Burning Questions For 49ers-Seahawks Grudge Match
This Sunday's NFC Championship Game couldn't possibly feature better storylines.
The San Francisco 49ers against the Seattle Seahawks features two coaches with incredible animosity toward one another. Now, they are leading their talented teams from the NFC West into the ultimate grudge match, with a Super Bowl XLVIII berth on the line. The No. 1 and No. 3 scoring defenses in the NFL will both be on display against physical, run-oriented offenses in a battle that could turn into a blood bath at CenturyLink Field.
This should be outstanding cinema for those in love with hard-nosed, old-school football. Which team will take advantage of this rare opportunity and punch a ticket for New Jersey?
Both teams are well-coached and play very similar styles, so this will clearly be a game dictated by match-ups. Seattle will enjoy playing on its home turf for the final time this season and hopes to leave town on a winning note, but the 49ers have their sights set on returning to the Big Game after falling just short against the Baltimore Ravens last February.
With no distinct advantages for either team, from a player standpoint, here's a look at four critical questions that should have the most impact on whom leaves the field victorious and whom falls just short of earning a chance to play for the coveted Lombardi Trophy.
Which quarterback has more pressure on him to win this game?
Russell Wilson hasn’t been playing near as well in the past five games as he did earlier in the season, but he’s still playing at home and has enjoyed tremendous success against the 49ers at CenturyLink. One could argue that Wilson faces more pressure because he has home-field advantage working in his favor and he’s playing for the NFC’s top seed, but stats paint a different picture.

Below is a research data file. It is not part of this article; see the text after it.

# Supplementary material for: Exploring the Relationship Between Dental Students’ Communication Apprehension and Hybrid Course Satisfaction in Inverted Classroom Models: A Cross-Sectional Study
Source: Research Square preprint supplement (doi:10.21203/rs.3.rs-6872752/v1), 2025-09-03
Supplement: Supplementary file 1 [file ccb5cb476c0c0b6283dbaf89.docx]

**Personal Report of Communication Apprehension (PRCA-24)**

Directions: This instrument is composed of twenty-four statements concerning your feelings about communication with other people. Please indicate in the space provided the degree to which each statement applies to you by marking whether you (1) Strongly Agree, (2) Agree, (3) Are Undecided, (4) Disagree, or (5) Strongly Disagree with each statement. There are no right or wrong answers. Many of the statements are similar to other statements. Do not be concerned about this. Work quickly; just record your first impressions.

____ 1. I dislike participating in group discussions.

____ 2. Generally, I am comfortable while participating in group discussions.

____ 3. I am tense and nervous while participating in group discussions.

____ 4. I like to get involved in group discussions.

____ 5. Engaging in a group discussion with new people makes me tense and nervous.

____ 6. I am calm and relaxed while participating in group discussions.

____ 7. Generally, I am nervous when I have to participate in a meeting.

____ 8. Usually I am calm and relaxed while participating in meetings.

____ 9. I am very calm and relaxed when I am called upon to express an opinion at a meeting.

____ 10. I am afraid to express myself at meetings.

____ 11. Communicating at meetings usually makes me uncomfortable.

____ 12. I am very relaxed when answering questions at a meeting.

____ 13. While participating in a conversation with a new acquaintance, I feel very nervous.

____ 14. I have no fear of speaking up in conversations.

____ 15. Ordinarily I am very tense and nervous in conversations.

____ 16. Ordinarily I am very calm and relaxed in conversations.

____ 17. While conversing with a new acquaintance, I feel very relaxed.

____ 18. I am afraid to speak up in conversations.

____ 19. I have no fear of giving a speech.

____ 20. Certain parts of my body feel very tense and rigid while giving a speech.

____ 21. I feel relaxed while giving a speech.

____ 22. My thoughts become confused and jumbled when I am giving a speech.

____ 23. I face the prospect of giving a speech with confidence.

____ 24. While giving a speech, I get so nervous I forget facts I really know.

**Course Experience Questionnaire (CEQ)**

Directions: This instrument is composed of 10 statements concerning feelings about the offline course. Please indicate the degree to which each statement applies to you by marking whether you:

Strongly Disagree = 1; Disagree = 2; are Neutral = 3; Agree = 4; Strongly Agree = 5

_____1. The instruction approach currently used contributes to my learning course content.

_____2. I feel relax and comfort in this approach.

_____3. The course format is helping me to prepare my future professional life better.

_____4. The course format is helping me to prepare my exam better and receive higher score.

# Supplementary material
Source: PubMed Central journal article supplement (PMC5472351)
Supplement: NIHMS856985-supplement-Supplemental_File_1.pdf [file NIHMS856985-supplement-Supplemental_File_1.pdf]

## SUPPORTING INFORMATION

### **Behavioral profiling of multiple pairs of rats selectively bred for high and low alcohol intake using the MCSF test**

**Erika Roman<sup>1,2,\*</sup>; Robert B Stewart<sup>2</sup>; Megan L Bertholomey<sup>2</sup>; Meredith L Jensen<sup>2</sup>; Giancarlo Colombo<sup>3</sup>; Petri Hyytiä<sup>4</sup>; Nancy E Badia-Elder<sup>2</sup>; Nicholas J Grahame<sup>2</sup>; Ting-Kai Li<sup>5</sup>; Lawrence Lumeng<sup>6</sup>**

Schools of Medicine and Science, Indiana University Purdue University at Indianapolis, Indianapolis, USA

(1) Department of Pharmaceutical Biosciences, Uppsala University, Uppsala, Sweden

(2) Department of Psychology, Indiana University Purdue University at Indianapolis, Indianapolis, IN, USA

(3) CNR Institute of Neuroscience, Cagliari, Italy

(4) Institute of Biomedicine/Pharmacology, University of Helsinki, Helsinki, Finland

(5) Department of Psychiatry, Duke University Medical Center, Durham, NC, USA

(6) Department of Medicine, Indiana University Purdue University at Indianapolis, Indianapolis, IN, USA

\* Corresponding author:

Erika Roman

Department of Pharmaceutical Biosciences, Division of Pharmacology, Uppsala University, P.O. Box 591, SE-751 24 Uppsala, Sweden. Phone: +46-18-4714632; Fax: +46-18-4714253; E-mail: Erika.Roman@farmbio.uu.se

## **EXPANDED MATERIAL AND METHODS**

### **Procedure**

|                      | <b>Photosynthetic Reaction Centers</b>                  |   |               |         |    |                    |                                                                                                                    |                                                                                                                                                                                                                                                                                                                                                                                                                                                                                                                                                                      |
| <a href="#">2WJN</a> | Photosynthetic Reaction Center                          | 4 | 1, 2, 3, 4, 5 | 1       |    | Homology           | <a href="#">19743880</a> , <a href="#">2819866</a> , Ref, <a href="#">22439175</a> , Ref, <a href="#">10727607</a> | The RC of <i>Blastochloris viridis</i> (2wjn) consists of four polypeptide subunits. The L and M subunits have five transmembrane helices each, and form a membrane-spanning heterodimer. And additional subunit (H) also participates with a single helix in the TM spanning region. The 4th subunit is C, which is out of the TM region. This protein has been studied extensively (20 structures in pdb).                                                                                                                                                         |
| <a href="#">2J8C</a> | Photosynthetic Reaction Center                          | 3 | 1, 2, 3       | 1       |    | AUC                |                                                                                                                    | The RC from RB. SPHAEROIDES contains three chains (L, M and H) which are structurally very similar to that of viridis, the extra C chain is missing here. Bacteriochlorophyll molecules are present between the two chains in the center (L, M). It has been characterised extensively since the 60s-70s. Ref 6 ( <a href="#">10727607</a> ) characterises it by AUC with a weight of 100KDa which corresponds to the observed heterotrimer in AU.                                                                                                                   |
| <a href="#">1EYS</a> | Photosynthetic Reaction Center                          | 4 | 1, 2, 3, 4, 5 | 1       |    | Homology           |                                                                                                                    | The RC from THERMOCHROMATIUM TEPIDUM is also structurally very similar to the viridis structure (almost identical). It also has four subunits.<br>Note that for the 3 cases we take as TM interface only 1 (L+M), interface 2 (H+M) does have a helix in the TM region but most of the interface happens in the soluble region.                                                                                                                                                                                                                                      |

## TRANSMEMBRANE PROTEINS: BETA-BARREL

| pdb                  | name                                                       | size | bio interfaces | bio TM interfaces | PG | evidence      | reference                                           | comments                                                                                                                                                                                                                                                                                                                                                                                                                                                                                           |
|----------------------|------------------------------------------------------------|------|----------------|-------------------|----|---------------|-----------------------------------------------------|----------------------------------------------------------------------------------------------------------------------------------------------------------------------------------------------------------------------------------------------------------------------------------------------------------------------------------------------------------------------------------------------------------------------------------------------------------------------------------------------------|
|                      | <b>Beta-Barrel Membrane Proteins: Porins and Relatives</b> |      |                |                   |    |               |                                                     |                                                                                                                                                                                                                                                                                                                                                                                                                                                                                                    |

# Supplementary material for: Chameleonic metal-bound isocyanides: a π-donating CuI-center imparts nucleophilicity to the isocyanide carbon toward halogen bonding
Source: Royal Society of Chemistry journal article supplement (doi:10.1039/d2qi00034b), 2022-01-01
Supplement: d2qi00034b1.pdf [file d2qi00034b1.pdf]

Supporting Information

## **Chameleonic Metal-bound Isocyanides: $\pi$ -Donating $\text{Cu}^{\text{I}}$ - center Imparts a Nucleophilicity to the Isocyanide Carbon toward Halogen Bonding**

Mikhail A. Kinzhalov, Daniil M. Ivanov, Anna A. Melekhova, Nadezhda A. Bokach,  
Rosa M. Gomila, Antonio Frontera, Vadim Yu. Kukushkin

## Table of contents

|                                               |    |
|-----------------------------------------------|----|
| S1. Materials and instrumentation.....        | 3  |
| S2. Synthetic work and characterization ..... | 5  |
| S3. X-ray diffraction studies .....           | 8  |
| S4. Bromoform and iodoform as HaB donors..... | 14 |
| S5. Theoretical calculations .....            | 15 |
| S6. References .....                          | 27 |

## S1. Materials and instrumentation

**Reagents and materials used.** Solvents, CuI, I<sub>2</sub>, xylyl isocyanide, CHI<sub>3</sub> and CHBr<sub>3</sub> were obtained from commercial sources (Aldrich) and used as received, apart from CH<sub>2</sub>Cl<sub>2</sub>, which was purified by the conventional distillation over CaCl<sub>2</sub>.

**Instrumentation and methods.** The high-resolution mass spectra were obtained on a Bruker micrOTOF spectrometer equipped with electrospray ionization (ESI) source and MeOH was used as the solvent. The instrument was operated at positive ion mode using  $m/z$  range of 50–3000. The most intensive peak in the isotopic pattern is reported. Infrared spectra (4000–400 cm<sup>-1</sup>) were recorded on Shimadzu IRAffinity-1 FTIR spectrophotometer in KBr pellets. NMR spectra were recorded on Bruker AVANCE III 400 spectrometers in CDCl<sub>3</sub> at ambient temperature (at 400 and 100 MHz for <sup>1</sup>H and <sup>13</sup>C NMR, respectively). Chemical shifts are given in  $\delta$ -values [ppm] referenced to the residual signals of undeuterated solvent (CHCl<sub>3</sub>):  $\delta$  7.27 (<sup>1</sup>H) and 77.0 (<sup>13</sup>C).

Despite concerns over recent performance, Wilson did play well enough to win when these two teams met last month, and he’s not going to have to worry about the stadium decibel level like his opposition will. Wilson will be able to run audibles and use a hard count, if necessary, to counter an aggressive 49ers defense, while San Francisco won’t have that option thanks to the excessive crowd noise. Wilson should remain poised even with an NFC title on the line, thanks to playing on his own turf and being able to lean on Marshawn Lynch.
Colin Kaepernick has gradually improved with the return of Michael Crabtree and remains a dangerous threat as a runner, but two of his worst games came in Seattle and he’ll need to prove he can deliver in a hostile environment. Kaepernick has thrown four interceptions in two career games at the Link, and he’s struggled with delay-of-game penalties both times, forcing the 49ers to burn timeouts. With Frank Gore running the ball, San Francisco doesn’t need him to throw for 300 yards to win this game, but he can’t get flustered and turn the football over like he has the past two times he played in Seattle.
Seattle's famed "12th Man" has truly had Kaepernick's number during his young NFL career, and most of the pressure will be on him to carry his team to a second straight Super Bowl. Wilson has done a great job during his first two years of staying calm and battling through rough patches, but Kaepernick hasn’t been nearly as effective when it comes to overcoming adversity. If he gets off to a shaky start, will he wilt under the pressure? Or will he be able to shake it off?
How much of an impact will the running game have on the final outcome?